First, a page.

You can’t come to India without expecting the country to have a severe and permeating impact on your life. I saw things in India that I’d never seen before and likely never will again. That being said, the way I felt in Varanasi has become the emotional center of my trip. Nothing could have prepared me for Varanasi, our last stop in India before heading off to Nepal.
Varanasi, which has also historically been known as Banaras, is a city with multiple claims to fame. For one, it’s the longest continuously inhabited city in the world. Other cities, like Rome and Athens, may be technically older, but Varanasi wins out on the terms that somebody has always called it home. It’s a title that you can’t really contest either; Varanasi’s streets positively ache and groan with age. Mark Twain had it right when he wrote, “Banaras is older than history, older than tradition, older even than legend and looks twice as old as all of them put together.” Continue reading
Today’s my 25th birthday, and I figure that’s a good enough excuse to get me off the hook from writing a full-length post. When my mum posted a bunch of pictures of my childhood and teenage years, I couldn’t help but ask her to send me my favorite. It’s from my very first birthday party, back when I was Ali, not Alex, and had years to go before I entered my ludicrously awkward glasses-and-braces phase. It’s weird to think that I’m now a quarter of a century old, but I’m willing to bet that this next year will be just as fantastic as the ones before it.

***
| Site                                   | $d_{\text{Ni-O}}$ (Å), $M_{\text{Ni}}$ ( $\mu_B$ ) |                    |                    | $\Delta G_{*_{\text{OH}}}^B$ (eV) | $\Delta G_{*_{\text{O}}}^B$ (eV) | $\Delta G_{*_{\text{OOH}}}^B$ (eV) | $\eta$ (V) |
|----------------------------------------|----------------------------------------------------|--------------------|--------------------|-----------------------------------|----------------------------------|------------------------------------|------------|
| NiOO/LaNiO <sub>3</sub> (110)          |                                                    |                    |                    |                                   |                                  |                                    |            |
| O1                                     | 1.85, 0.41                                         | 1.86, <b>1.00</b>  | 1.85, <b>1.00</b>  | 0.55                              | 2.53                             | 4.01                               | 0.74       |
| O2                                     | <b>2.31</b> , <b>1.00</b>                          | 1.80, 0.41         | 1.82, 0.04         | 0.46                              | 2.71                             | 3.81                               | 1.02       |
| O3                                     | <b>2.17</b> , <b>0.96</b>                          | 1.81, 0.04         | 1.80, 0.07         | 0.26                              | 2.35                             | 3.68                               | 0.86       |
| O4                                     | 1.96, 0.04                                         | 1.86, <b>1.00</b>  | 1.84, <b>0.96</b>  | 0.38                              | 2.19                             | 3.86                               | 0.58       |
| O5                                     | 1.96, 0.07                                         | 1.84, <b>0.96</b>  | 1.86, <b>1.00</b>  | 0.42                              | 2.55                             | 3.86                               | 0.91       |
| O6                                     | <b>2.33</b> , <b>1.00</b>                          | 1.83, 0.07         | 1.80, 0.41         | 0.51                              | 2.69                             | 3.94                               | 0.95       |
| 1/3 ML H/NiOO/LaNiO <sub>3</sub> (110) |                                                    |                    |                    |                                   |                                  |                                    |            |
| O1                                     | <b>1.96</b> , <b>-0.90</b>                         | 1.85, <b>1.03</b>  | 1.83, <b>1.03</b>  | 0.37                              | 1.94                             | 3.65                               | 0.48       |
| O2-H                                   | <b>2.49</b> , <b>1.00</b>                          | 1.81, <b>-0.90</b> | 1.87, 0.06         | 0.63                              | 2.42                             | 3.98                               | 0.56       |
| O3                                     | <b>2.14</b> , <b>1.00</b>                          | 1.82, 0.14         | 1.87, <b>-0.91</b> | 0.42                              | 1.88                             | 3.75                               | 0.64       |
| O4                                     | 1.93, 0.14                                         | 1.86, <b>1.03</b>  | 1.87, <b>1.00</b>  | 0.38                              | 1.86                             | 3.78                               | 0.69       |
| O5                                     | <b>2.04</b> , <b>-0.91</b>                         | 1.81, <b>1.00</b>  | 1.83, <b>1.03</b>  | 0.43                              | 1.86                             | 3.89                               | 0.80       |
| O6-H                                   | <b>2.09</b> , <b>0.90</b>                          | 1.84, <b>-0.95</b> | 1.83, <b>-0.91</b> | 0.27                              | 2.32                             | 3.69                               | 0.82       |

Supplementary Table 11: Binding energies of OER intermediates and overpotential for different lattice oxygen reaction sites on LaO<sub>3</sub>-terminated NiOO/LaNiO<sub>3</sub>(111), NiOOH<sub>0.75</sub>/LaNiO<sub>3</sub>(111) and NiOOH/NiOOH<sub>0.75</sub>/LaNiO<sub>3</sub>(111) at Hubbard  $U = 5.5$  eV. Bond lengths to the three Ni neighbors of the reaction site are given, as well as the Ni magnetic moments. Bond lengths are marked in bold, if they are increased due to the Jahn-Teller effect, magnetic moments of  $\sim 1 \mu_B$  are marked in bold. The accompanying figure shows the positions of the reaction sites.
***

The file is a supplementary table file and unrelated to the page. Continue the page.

(And even today, over two decades later, I still definitely get this excited when I see cake. No shame in that.)
As exciting as my days within Delhi, Jaipur, and Agra were, I was more than happy to escape the frenetic energy of the city for far quieter surroundings. Enter Orchha, a tiny town in Madhya Pradesh with a population of only ten thousand. Compared to the Golden Triangle, Orchha was a completely different world that seemed like it was still enshrined in the past and unspoiled by modernity. For the first time since entering the Subcontinent, my ears weren’t ringing from the constant beeping of horns and I could cross the street without fearing for my life. It was an entirely different world.
Seeing as it’s Valentine’s Day, I though I’d dedicate a post to Cupid and his well-aimed (well…sometimes) arrows. Before I moved to Japan, I confess that my opinion of Valentine’s Day had flat-lined at “meh”…now, though, it just means that my desk disappears under a mountain of homemade chocolates, cookies, and other deliciously unhealthy sweets from my students. It’s a pretty good development all around.
I’ve written about how much I love untranslatable words in the past; the fact that a feeling is familiar to people across cultures and continents and yet is only expressed in a certain language is fascinating to me. On Valentine’s Day, emotions run a headier, more dramatic spectrum than most other days of the year, and there are plenty of foreign language words to describe all of those feelings. Here are fourteen of my favorite untranslatable words that have to do with love in some way or another. Some are about the euphoria of falling of love, some are about the depths of heartbreak, but most are feelings that, I’m willing to bet, we’ve felt at one time or another.
1.) Forelsket (Norwegian) – Let’s start off with something positive. Forelsket describes how you feel when you first begin to fall in love. It’s that euphoric feeling of walking on air, when you view your paramour through rose-colored glasses and are convinced that the sun shines out of their posterior. All you want to do is gaze into each other’s eyes longingly and forget the rest of the world exists.